The next instalment in the Expat Interview Series! I’ve reached out to expats in different countries to hear why people might choose to move abroad, and how they do it. If you want to know more about moving to a particular country this is the place. If you’re interested in taking part, or want to see a certain place featured let me know!
Moving abroad can come about for all sorts of reasons; seeking a change, learning a new language, a career break, study, work, or for reasons we can’t even explain. We might move abroad solo, with friends, a partner or our entire family. In Christine’s case, her whole family moved abroad because of her husbands military job, something definitely not uncommon! I’ve only ever moved abroad alone, so speaking with Christine from Tapped Out Travellers has provided a great insight into how moving abroad with a family can be very different, as well as the ups and downs of moving to Germany!
Tell us about yourself
I’m a Canadian military spouse/stay at home mom. We moved to Dusseldorf, Germany, roughly 2 years ago from a small town outside of Ottawa, Ontario. We didn’t have the resources to travel much within Canada; domestic flights are expensive and trains are almost non existent. We were bitten by the travel bug almost immediately and haven’t stopped since. We moved here with our 2.5 year old son, and have since added a beautiful baby girl to our family. Surprise!
What made you decide to move to Germany?
Ever since I met my husband, he has been in the military, and once we were married he started consulting me on his career options during the annual review. We have always said we wanted to live in Europe, OutCan (Outside of Canada). We knew there was no other way that we would be able to afford visiting, so why not just move? It took 4 years of constant asking but we managed to get the posting! Europe was our goal but we hadn’t really looked into which countries we were eligible for.
At first I had hoped for England or Spain, but Germany is slowly growing on me. It is at the center of Europe and easy to travel everywhere from the neighboring international airport and international train station. The town we live in was assigned to us but everything else was our choice; neighborhood, school, and housing.
Tell me about the cost of living in Germany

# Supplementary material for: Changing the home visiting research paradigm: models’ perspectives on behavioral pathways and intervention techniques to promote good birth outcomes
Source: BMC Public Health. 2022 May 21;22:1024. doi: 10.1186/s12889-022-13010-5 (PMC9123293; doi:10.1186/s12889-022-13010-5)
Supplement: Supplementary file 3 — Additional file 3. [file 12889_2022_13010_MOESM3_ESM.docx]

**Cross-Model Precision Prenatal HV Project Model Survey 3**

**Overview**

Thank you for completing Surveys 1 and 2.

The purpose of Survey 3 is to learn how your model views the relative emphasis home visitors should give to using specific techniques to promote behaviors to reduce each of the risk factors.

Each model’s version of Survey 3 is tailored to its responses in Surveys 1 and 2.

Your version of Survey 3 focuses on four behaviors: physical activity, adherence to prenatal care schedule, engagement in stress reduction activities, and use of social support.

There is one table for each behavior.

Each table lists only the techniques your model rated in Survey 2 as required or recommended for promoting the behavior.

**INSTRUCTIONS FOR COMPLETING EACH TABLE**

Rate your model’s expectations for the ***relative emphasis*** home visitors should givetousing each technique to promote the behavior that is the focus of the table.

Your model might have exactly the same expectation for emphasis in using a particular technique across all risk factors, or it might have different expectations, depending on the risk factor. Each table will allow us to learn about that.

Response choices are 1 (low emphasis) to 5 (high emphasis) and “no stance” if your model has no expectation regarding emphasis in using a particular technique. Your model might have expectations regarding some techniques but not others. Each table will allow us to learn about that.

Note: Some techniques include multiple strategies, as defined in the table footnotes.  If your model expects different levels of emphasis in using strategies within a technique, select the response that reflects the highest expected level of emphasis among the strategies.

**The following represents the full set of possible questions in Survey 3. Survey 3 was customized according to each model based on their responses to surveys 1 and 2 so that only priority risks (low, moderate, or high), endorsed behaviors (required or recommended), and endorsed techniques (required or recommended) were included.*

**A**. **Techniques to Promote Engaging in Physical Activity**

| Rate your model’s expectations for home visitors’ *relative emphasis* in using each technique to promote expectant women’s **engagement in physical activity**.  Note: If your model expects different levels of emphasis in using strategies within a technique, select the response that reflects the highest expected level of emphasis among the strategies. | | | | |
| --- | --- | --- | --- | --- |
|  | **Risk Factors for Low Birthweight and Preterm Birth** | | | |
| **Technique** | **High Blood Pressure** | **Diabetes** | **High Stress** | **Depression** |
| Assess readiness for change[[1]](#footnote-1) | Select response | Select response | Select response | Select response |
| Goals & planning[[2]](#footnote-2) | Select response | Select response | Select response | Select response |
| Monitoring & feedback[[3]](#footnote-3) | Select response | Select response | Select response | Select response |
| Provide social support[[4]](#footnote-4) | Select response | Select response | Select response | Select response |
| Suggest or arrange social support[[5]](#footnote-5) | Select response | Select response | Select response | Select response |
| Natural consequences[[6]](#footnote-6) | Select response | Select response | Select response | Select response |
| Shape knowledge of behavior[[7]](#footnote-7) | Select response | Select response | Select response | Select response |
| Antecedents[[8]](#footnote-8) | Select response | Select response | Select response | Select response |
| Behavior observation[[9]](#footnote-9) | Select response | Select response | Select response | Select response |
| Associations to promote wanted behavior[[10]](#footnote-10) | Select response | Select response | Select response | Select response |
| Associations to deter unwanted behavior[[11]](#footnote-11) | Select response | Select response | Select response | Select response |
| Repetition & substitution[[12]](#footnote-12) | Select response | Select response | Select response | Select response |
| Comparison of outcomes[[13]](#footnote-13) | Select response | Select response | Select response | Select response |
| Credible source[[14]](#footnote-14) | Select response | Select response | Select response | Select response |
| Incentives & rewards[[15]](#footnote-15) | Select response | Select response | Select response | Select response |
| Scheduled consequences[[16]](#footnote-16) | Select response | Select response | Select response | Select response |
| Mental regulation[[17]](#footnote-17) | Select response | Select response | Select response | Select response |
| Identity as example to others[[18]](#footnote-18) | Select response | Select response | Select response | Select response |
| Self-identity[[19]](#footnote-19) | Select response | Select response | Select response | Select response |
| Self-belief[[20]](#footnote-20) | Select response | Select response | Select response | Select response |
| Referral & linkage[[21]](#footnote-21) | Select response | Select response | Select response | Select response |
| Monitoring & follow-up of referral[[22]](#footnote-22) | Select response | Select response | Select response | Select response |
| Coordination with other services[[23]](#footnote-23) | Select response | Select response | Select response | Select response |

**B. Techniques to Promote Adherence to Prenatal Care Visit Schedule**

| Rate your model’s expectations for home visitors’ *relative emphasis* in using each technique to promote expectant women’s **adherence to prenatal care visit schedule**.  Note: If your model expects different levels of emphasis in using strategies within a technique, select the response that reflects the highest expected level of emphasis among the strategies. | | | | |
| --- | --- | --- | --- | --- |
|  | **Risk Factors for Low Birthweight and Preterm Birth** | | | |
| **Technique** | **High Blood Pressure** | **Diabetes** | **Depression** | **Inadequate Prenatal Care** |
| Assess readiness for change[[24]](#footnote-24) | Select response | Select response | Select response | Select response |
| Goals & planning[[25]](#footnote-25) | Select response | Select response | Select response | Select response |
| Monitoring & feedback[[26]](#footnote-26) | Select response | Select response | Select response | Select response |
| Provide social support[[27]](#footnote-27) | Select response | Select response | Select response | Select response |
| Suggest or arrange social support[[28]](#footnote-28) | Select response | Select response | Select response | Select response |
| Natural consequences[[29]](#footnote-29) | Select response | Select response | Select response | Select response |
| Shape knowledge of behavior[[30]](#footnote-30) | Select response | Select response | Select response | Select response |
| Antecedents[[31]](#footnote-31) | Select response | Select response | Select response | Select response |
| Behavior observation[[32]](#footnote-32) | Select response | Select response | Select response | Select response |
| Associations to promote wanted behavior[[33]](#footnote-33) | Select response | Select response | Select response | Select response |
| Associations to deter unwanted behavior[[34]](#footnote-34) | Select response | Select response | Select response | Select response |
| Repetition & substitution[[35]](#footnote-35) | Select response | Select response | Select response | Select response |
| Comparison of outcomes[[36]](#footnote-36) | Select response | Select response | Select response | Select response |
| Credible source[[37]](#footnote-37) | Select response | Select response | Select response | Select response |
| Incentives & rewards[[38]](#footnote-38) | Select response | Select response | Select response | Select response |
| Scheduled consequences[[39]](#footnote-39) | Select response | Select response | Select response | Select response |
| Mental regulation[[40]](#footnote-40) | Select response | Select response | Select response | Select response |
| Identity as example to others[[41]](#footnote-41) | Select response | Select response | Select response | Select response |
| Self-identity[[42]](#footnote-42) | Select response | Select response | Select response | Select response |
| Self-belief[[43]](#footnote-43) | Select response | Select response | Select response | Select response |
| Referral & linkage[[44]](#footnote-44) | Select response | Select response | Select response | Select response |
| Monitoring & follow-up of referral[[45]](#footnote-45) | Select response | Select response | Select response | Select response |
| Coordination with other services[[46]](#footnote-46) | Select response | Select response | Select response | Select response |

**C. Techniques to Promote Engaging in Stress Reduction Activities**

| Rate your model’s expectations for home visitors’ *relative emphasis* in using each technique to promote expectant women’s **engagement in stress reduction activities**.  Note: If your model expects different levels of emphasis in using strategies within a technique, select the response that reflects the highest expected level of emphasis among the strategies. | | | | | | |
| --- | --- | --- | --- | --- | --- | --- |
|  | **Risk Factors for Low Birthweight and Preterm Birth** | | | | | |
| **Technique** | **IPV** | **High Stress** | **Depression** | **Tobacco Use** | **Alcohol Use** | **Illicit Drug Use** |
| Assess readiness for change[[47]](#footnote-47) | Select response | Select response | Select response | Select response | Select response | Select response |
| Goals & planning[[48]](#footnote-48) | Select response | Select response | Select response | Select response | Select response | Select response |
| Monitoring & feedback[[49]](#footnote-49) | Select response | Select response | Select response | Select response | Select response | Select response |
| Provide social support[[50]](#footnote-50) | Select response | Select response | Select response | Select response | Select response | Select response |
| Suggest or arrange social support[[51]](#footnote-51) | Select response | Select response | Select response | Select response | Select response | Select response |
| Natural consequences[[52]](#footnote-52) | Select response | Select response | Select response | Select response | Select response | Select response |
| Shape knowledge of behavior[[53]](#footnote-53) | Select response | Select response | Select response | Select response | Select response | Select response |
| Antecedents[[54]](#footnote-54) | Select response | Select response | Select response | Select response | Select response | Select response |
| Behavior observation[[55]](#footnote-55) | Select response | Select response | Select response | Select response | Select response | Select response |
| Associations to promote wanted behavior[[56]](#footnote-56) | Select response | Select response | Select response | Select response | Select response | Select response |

I live in the capital city of the state so the cost of living here is a little higher than say, the town next door, but for the most part, it’s higher than Canada I believe. The people here are all paid a reasonable working wage. The service industry is not expecting tips and therefore I would imagine they are paid relatively well.
My house is €1600euro/month, which is standard for a 3 bedroom row house on the edge of town. Beer runs roughly €2, bread €1.50. The best wines only cost €3.99 a bottle so it’s safe to say I have become a wino since moving here. My wine cellar is growing every day and I like it that way!
Most people prefer to drink bottled water as opposed to tap water. In fact, restaurants refuse to give you tap water! Be sure to say if you want still or sparking water, because sparkling (carbonated) is the default choice.
Public transit is the same as most countries that I have visited; €2.5 for 90 minutes of ride time and kids under 6 are free.
Best money saving tip: Use public transit. Parking will cost you a fortune, gas prices is offensively high (to Canadian standards anyways), and the traffic is crazy.
How do you make a living?
Because of my husbands job, I am not allowed to hold a job. I do not have a Visa. I have heard stories from some of the wives I hang out with; expats (no EU members) are only allowed to work if the job cannot be reasonably filled by a German. Due to freedom of movement, anyone in the EU can travel throughout Europe and hold a job. Expats are generally brought in from out of country for a specific job/company and their spouses either work for a similar company, teach, or do not work at all.